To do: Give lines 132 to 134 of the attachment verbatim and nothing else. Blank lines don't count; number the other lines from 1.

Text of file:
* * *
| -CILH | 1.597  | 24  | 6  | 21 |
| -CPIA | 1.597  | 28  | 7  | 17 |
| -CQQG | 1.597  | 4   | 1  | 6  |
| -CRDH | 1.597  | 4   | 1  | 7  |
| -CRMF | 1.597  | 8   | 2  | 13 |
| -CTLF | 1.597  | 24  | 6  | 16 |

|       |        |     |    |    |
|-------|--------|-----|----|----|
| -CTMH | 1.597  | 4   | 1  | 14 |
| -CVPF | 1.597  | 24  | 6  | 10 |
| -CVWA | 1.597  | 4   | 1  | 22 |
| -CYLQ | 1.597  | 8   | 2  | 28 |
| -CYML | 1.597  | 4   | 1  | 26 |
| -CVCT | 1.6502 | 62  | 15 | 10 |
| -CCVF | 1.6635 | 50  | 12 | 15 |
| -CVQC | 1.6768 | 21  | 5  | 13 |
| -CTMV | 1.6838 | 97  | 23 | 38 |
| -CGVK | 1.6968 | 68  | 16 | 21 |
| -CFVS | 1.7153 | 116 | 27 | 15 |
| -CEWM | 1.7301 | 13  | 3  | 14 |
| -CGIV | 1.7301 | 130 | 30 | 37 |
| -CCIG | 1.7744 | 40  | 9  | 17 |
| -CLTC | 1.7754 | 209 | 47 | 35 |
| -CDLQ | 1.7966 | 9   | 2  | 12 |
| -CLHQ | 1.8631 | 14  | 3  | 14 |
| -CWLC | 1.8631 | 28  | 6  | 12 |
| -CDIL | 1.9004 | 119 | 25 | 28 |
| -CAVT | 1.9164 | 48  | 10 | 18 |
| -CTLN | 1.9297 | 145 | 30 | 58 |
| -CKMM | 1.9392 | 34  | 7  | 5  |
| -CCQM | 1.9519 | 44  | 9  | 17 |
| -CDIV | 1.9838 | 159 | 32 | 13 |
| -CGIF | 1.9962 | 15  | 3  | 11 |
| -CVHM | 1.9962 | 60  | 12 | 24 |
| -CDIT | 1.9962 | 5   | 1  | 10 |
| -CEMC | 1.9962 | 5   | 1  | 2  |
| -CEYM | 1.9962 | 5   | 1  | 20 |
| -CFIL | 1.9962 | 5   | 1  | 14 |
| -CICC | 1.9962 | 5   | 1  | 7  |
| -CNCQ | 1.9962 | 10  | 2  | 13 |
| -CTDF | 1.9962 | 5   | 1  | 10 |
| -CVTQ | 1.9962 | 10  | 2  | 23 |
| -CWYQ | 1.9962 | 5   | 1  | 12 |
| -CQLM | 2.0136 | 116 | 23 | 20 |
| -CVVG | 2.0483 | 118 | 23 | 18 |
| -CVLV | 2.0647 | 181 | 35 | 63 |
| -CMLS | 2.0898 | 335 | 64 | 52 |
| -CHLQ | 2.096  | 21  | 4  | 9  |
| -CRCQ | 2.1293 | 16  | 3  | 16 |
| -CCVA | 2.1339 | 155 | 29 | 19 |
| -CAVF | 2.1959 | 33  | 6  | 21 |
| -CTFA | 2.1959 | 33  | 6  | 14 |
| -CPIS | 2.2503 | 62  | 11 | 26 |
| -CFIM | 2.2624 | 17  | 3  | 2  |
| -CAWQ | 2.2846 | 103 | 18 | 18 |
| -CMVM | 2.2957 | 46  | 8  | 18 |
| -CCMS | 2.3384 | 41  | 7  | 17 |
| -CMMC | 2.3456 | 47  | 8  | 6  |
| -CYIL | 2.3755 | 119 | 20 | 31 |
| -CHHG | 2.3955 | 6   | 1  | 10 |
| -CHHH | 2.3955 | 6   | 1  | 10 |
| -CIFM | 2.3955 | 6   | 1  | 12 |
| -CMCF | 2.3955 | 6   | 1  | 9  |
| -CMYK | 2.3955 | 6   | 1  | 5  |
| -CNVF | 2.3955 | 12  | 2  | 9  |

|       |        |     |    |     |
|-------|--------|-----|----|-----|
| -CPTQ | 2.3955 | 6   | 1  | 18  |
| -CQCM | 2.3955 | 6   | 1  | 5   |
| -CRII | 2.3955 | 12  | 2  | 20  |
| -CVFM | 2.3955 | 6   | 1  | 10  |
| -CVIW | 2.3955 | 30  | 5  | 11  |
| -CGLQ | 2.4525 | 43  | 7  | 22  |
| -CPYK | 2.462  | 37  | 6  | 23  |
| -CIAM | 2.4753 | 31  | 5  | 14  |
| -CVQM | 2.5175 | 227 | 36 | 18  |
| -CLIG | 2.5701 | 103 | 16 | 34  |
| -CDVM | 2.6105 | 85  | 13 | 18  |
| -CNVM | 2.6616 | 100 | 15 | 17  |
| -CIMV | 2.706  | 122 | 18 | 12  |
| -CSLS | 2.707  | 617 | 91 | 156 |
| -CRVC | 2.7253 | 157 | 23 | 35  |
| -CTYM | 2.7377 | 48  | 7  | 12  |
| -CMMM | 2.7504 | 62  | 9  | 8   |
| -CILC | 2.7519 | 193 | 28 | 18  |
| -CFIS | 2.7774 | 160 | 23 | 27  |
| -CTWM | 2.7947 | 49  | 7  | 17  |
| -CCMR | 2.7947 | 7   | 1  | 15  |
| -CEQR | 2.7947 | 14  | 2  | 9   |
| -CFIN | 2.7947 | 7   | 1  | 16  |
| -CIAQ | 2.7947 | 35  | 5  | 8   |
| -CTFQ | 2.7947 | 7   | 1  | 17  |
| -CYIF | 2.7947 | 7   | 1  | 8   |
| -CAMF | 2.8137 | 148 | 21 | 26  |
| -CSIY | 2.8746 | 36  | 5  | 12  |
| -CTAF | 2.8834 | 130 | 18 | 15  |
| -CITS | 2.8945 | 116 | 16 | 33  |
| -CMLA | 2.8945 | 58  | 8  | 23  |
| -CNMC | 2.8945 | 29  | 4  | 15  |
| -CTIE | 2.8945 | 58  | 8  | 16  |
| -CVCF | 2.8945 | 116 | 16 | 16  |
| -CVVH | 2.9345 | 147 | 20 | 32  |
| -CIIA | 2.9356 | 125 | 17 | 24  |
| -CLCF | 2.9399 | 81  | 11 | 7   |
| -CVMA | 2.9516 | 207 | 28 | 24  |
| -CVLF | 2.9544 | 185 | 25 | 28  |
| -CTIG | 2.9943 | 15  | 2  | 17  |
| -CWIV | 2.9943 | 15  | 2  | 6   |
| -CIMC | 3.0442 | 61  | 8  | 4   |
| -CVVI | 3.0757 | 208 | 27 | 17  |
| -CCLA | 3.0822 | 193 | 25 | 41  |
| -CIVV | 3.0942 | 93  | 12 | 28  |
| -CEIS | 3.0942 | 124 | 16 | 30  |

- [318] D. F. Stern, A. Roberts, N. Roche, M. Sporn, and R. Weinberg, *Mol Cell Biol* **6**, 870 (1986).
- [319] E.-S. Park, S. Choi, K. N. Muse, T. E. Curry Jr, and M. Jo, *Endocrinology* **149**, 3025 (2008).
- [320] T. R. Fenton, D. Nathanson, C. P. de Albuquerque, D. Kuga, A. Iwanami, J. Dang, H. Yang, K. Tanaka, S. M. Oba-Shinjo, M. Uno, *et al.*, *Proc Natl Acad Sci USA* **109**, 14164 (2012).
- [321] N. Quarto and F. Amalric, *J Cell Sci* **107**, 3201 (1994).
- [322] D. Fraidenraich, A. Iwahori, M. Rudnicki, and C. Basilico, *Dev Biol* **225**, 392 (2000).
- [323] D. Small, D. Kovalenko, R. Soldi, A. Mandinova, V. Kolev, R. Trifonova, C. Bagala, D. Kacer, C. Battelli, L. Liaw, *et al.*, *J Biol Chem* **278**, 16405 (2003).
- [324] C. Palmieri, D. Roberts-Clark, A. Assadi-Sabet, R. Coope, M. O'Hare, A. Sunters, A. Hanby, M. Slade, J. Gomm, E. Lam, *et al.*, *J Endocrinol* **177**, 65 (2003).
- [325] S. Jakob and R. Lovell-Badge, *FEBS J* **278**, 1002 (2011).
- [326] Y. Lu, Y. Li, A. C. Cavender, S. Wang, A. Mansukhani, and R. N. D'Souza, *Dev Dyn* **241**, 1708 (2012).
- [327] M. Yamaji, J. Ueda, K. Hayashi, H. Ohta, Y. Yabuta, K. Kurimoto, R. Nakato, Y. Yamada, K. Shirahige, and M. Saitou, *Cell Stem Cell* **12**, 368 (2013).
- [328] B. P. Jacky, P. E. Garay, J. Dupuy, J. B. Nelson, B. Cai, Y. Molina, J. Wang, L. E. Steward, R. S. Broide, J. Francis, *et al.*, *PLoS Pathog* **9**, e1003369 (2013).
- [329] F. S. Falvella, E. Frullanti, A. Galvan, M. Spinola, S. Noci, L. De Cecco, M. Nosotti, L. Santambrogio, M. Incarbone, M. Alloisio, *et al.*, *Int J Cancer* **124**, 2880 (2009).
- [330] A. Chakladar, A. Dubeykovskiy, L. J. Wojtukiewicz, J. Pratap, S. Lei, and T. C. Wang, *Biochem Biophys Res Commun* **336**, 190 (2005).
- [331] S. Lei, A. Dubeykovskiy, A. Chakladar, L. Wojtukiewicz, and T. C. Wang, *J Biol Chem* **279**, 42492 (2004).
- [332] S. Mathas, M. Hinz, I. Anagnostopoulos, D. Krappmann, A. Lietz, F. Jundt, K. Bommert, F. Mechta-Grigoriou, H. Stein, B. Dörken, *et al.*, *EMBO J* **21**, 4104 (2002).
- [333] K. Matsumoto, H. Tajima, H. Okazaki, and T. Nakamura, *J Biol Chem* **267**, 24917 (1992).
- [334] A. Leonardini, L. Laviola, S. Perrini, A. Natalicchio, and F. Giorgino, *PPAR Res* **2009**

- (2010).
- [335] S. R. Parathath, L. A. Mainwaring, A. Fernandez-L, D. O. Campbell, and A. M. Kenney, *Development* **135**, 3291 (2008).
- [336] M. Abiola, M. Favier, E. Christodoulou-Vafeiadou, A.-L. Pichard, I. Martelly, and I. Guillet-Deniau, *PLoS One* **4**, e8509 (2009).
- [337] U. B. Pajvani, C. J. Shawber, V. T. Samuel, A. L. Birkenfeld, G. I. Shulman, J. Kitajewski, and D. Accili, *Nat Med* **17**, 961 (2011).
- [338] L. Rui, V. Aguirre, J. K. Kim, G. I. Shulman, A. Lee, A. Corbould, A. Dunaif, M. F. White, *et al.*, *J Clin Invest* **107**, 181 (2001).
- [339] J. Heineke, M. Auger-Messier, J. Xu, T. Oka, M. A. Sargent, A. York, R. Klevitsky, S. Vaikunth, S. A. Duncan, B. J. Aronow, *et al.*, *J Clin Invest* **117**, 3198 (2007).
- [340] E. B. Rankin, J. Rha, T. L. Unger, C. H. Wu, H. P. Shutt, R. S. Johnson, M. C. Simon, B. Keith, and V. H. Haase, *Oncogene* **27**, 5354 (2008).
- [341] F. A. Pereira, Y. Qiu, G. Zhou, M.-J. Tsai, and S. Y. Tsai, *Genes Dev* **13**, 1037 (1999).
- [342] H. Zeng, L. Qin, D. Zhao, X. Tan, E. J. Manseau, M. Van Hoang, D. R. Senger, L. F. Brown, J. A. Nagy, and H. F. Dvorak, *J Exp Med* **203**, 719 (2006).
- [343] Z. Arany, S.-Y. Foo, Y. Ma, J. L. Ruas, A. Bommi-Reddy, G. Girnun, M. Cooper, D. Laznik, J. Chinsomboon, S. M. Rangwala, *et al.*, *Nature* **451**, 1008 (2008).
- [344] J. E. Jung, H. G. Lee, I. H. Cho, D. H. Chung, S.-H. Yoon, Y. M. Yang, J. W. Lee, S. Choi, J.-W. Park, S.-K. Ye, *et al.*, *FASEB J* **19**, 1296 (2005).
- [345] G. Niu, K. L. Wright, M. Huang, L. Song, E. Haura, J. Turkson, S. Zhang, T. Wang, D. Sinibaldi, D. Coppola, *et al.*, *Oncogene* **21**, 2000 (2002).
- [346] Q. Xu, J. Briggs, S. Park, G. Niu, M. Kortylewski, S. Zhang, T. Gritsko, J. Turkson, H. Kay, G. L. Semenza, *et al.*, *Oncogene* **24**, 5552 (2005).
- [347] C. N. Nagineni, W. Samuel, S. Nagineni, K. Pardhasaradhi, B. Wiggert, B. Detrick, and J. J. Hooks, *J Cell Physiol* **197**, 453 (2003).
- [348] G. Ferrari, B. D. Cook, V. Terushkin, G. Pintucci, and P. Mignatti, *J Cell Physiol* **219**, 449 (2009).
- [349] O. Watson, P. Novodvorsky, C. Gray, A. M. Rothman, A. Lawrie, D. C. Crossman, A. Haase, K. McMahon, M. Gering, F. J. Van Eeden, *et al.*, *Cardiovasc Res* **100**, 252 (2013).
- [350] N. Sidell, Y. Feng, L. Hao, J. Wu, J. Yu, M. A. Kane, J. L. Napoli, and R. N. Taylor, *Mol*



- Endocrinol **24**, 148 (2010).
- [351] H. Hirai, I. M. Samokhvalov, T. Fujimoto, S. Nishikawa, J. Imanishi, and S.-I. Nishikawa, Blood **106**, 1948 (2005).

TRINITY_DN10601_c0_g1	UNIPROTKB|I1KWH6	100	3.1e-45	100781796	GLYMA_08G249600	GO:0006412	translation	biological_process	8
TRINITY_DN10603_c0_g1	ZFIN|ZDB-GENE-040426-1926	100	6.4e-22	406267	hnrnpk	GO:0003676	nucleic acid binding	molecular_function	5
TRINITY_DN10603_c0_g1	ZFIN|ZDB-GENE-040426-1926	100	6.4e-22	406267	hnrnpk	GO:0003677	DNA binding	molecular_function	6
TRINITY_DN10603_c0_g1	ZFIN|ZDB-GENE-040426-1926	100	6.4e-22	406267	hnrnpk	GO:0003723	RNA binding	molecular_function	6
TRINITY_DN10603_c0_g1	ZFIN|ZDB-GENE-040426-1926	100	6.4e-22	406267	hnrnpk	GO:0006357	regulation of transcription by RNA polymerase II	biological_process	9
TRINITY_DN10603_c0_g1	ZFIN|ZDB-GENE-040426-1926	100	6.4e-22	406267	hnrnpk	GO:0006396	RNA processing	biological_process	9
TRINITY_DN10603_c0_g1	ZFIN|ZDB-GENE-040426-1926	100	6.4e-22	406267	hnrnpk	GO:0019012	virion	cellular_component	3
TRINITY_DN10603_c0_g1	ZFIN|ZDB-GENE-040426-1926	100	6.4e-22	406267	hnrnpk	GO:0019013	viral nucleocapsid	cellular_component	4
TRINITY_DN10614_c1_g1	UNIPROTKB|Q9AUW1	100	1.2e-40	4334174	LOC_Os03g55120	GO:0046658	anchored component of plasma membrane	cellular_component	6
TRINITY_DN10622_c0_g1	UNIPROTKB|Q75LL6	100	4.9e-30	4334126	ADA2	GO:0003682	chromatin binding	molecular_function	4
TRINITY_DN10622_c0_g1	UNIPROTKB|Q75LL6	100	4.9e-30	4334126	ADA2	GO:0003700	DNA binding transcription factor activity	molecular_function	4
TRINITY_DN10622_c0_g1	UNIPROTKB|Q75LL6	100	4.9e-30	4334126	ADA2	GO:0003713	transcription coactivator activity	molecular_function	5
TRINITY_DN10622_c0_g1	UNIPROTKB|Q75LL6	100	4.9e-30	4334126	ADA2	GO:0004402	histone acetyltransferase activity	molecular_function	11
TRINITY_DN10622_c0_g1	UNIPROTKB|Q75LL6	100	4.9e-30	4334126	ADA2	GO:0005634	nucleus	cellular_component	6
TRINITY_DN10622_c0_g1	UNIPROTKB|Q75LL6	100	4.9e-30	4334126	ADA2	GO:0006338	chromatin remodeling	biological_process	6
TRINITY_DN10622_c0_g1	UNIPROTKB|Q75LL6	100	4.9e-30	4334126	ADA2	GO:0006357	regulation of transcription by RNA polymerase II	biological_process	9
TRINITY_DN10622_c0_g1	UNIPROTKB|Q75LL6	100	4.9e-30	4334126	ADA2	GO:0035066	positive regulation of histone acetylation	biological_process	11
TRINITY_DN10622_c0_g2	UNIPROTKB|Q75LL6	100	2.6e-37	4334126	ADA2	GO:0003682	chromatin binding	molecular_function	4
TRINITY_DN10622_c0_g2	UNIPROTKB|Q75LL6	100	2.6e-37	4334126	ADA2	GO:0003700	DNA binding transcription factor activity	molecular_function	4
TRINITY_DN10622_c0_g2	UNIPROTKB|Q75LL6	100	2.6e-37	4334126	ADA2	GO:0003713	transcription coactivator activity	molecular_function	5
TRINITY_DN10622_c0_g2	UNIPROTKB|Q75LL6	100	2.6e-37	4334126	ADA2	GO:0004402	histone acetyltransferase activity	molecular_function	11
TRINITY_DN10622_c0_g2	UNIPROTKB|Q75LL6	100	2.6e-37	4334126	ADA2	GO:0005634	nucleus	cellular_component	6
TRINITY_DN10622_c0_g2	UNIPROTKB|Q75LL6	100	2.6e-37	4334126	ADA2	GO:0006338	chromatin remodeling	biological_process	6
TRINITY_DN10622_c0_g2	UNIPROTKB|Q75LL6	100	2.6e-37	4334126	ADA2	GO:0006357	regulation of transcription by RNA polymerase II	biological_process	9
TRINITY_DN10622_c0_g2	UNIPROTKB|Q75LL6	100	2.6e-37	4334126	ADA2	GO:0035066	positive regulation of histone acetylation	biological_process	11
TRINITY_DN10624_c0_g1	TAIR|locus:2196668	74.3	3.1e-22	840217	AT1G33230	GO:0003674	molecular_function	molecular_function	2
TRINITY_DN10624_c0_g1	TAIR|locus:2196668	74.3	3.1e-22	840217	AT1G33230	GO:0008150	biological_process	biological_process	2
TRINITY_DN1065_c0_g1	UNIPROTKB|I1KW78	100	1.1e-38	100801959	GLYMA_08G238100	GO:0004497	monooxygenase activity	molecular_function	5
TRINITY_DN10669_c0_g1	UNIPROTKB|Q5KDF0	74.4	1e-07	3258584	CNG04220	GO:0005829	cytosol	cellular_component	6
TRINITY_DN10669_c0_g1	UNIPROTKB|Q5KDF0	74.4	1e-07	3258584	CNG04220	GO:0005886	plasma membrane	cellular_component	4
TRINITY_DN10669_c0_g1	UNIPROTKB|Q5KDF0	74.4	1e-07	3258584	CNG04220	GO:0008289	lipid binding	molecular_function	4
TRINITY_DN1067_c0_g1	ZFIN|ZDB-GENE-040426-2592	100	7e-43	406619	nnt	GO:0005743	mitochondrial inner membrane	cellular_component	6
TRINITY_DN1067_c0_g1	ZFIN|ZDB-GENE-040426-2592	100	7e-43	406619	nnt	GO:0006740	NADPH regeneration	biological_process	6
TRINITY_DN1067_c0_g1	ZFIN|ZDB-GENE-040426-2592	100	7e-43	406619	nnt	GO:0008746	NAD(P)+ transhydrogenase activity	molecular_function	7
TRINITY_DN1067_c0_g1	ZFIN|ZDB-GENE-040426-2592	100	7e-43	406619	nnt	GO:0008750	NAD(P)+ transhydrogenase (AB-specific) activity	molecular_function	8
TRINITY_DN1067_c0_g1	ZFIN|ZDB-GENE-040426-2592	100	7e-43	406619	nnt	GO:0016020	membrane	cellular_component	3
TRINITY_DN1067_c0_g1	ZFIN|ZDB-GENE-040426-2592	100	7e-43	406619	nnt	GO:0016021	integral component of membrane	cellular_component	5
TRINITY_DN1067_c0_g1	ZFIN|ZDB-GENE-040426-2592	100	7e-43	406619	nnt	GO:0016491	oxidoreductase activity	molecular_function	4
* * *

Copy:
- [335] S. R. Parathath, L. A. Mainwaring, A. Fernandez-L, D. O. Campbell, and A. M. Kenney, *Development* **135**, 3291 (2008).
- [336] M. Abiola, M. Favier, E. Christodoulou-Vafeiadou, A.-L. Pichard, I. Martelly, and I. Guillet-Deniau, *PLoS One* **4**, e8509 (2009).
- [337] U. B. Pajvani, C. J. Shawber, V. T. Samuel, A. L. Birkenfeld, G. I. Shulman, J. Kitajewski, and D. Accili, *Nat Med* **17**, 961 (2011).